Banks have not been closing customer accounts for political reasons, according to the initial findings of an investigation by the UK’s financial regulator published today.
The Financial Conduct Authority (FCA) was tasked with investigating the issue after it was revealed that Natwest-owned Coutts closed Nigel Farage’s bank account partly because of his political views.
But the FCA found that “no firm closed an account between July 2022 and June 2023 primarily because of a customer’s political views.”
There were four account closures where political views were reported to be a factor. After following up on these cases, the FCA said that the decisions were actually related to how those customers behaved towards bank staff.
It found that the most common reasons given for account closures were because an account was inactive or because there were concerns about financial crime.
The FCA said, however, that further work will be undertaken to verify the data, in particular where accounts were closed due to “reputational risk”.
Sarah Pritchard, executive director of markets at the FCA, said that the watchdog would check to ensure these “criteria were not being used too broadly”.
The FCA said it will now direct its attention towards ‘outlier’ banks and building societies, which closed a higher number of accounts than average.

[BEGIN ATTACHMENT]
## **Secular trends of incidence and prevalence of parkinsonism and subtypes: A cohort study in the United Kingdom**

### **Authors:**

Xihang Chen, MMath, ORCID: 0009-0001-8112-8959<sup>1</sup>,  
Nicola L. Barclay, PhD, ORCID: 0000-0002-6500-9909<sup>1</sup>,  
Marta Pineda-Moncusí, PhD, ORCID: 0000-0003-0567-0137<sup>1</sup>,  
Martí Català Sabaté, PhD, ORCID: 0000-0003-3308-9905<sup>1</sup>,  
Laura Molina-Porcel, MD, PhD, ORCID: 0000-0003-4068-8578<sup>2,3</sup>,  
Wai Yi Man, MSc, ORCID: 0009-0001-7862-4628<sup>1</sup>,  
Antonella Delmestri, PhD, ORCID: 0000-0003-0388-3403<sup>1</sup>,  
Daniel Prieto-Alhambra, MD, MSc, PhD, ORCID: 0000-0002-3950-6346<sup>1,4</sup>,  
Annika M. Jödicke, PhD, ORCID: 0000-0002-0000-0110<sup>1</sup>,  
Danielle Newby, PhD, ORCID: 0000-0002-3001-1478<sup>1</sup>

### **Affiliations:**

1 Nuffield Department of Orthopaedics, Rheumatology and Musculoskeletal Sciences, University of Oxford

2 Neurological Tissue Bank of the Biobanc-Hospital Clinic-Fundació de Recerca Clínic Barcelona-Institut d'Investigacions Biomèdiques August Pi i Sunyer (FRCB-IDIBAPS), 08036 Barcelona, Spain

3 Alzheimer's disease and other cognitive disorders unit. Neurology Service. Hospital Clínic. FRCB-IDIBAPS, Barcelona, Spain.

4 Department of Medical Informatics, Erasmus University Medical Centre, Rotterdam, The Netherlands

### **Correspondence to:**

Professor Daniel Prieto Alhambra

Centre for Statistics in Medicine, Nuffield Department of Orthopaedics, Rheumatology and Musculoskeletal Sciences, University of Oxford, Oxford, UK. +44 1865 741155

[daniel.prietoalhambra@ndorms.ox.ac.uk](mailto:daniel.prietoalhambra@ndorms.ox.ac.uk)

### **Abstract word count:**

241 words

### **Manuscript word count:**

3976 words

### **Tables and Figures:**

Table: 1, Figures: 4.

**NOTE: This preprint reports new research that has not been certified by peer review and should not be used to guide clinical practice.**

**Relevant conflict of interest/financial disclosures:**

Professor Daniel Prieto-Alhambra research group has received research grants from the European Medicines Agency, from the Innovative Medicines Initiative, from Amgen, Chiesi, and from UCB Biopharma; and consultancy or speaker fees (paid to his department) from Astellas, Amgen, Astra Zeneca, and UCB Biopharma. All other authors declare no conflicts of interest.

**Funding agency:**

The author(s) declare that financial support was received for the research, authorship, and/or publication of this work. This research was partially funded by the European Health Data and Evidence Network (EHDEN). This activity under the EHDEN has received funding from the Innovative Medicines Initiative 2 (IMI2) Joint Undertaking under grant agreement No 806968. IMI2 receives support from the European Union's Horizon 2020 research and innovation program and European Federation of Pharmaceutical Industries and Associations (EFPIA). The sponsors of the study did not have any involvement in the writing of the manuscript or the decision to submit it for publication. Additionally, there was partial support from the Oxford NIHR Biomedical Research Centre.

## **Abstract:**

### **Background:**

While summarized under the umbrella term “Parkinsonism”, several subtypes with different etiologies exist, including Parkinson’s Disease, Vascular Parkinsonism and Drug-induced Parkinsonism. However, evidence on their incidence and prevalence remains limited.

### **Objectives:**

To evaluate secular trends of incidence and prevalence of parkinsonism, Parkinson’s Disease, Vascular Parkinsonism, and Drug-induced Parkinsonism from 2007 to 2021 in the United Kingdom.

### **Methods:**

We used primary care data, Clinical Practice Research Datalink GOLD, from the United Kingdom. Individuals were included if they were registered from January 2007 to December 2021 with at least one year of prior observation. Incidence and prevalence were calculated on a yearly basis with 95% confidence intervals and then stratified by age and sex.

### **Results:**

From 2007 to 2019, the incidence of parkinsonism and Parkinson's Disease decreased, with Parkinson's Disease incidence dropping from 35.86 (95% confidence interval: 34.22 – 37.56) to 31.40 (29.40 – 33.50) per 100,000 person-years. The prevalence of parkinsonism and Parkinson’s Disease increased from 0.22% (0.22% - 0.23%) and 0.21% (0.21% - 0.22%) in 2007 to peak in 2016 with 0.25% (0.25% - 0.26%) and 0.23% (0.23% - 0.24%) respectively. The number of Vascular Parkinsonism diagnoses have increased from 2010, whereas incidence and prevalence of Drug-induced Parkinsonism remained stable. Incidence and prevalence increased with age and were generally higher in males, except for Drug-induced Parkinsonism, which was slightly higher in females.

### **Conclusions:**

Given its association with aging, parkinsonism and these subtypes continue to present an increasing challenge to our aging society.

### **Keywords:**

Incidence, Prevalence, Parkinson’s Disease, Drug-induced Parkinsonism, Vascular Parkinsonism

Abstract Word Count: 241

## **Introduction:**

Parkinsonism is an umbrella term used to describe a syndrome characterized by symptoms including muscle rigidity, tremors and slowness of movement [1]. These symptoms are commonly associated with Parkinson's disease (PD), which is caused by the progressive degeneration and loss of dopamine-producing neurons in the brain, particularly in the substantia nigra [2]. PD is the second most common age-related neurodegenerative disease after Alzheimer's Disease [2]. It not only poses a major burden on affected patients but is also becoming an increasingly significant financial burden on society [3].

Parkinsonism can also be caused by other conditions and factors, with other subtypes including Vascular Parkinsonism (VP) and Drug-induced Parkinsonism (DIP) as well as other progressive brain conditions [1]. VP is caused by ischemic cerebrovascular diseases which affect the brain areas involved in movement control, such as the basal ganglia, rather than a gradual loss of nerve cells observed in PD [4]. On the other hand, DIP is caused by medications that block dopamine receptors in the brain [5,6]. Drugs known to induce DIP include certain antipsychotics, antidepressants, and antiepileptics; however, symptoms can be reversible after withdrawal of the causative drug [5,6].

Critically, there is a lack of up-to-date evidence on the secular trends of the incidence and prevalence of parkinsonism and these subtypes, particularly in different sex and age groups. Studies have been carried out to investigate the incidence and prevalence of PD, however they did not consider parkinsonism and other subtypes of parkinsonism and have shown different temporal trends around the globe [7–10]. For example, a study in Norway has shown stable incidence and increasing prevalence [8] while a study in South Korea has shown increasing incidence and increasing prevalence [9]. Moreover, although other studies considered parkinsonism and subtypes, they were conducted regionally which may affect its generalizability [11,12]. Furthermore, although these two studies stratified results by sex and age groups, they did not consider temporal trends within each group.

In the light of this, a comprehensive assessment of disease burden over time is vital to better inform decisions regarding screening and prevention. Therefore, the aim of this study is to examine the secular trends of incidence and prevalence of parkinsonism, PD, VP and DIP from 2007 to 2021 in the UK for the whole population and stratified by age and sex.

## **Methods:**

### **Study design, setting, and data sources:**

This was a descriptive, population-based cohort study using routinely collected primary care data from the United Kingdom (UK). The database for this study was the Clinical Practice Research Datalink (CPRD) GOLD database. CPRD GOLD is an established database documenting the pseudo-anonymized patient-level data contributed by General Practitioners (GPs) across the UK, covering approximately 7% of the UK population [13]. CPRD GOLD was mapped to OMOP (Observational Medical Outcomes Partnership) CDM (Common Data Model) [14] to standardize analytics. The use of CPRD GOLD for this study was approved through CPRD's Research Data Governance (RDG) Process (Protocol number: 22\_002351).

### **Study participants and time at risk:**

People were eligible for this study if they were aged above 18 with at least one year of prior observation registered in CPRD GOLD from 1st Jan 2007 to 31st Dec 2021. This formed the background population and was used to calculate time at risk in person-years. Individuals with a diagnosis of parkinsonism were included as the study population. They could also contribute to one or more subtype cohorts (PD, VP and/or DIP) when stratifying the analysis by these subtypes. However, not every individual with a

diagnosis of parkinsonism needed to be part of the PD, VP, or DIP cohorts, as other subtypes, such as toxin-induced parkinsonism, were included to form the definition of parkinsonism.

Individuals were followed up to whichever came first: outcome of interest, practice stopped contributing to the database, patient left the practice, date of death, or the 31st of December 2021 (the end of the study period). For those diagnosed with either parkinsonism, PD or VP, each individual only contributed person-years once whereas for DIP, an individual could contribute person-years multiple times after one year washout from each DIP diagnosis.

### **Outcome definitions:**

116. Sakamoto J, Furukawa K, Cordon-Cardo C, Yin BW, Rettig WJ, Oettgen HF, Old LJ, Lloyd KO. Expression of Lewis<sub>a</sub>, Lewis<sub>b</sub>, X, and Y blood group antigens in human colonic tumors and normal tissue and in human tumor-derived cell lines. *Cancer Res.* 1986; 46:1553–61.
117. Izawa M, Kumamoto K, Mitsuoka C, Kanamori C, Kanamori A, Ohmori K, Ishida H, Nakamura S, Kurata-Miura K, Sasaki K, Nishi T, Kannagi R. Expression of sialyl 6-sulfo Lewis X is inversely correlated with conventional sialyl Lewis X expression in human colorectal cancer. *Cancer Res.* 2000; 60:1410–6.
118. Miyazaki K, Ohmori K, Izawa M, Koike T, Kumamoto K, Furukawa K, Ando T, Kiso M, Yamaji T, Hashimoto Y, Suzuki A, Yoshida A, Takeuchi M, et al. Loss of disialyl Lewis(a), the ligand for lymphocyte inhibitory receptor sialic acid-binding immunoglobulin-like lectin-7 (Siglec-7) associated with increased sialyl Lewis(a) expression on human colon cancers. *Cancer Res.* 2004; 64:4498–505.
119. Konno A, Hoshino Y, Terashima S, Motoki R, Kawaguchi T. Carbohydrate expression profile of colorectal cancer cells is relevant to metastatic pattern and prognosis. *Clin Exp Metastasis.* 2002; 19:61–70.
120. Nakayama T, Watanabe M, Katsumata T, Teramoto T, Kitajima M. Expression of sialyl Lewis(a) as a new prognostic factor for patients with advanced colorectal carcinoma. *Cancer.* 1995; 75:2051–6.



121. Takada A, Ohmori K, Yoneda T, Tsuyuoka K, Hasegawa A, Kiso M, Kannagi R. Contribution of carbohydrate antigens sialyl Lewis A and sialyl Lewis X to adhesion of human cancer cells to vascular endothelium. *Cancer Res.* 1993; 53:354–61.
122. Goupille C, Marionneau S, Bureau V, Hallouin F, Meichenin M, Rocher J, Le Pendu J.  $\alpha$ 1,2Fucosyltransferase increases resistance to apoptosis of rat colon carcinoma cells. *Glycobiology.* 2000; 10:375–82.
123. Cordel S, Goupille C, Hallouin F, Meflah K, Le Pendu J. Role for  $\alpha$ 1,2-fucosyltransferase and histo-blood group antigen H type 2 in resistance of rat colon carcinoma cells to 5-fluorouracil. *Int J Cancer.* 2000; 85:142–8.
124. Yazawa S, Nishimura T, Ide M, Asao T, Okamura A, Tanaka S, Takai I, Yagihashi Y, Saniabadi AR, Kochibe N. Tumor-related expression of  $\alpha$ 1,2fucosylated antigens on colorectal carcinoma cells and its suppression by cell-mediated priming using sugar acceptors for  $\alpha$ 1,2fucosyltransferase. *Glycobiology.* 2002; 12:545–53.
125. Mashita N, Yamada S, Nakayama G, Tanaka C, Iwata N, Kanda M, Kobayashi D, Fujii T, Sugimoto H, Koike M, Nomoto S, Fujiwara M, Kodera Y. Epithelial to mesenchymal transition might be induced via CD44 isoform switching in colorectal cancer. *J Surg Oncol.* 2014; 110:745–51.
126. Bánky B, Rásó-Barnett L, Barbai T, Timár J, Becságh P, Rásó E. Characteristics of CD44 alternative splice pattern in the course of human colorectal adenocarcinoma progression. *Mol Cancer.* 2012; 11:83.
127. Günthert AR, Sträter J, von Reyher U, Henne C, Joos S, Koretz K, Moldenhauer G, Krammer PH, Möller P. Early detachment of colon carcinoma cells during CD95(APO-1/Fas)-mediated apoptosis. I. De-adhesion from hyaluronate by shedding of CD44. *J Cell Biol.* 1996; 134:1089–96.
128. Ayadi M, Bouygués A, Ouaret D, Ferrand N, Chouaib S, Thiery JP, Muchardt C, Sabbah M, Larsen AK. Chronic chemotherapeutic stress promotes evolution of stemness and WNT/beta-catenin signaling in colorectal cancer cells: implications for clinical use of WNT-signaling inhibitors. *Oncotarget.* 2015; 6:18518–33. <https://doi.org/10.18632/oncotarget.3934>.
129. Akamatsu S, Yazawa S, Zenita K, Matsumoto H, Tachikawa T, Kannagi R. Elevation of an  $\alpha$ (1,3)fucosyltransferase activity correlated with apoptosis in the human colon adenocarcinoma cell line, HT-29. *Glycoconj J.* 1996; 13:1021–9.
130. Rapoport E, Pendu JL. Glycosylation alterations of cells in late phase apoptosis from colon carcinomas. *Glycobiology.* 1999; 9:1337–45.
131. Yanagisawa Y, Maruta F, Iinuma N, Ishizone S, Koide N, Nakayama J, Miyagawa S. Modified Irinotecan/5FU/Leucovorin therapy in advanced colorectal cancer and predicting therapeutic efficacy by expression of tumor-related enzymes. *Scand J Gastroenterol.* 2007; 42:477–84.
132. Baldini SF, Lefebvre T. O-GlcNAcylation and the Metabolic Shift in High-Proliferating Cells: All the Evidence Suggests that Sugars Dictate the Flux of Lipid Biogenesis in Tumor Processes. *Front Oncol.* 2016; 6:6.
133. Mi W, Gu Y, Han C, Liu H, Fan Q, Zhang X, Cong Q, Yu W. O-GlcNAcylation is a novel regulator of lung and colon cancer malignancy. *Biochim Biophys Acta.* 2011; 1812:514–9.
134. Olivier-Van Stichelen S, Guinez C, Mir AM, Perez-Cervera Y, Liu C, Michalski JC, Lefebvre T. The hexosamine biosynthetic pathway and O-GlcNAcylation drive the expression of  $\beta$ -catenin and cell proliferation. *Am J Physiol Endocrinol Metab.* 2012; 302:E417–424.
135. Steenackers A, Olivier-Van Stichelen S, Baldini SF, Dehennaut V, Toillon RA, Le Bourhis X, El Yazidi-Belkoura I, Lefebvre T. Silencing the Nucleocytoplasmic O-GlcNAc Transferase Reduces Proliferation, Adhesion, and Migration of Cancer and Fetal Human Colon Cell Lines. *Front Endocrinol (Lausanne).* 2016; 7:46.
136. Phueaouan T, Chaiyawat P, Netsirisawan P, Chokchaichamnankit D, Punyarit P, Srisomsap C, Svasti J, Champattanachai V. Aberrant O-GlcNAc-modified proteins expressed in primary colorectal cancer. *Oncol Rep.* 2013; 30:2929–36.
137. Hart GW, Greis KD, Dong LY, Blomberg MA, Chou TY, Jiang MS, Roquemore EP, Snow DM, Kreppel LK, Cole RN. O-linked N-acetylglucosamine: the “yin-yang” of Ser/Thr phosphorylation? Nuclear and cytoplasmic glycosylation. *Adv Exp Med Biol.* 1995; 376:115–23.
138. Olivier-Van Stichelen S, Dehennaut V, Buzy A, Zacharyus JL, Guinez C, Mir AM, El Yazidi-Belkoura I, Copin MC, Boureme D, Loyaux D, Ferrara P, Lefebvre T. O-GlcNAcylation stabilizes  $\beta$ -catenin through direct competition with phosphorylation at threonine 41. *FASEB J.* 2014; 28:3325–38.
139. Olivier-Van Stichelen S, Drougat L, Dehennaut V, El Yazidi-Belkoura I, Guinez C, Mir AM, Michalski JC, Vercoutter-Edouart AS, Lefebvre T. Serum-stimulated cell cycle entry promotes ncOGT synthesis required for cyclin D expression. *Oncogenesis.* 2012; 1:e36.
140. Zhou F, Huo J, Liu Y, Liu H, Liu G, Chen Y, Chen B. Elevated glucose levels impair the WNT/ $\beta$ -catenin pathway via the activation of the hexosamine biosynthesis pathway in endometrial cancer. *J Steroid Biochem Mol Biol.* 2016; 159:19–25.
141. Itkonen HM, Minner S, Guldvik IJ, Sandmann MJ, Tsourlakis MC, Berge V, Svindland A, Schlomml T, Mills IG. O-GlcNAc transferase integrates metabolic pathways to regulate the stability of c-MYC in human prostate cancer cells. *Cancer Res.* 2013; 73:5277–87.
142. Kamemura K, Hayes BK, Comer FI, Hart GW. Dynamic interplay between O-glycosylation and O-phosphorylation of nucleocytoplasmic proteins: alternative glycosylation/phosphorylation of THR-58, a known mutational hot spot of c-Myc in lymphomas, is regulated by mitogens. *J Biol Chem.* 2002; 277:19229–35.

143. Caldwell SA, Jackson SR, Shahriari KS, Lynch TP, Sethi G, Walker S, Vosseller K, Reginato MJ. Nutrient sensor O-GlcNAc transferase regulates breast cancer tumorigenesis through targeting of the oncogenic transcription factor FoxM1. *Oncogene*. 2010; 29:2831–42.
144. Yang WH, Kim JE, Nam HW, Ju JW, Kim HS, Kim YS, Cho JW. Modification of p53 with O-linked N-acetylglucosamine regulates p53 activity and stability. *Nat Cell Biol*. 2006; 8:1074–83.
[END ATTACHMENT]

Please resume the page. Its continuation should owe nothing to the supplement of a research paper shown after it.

Pritchard stressed that “it is unlawful for a customer to lose access to their bank or building society accounts because of their legally expressed political views”.
However, the FCA’s chief executive Nikhil Rathi highlighted that there is currently no legal right to a payment account in the UK, unlike in some other jurisdictions, which raises “an important question for policy makers”.
“The time is also right for a debate on how we balance access to bank accounts with the threat of financial crime, as well as firms’ reasonable risk and commercial appetites,” Rathi added.
A UK Finance spokesperson said: “Freedom of expression is vitally important and today’s report from the FCA makes clear that accounts are not being closed because of political beliefs or other lawfully held views.”
Many politicians were sceptical of the FCA’s findings, suggesting that much more work needed to be done on the subject. Nigel Farage said the regulator’s conclusions were “farcical”.
“There are plenty of examples of prominent Brexiteers being debanked. The FCA is part of the problem,” he added.
City minister Andrew Griffith, said: “Clearly there is more to be done to validate the submissions by banks and to ensure that the FCA have thoroughly followed up de-banked customer perspectives.”
Gareth Bacon said the “whole thing looks like a whitewash” suggesting that the Treasury needed to check what actions the FCA had taken to validate submissions from banks.
Nickie Aiken also argued that “if they only took the word of the Banks then I think they need to look again.”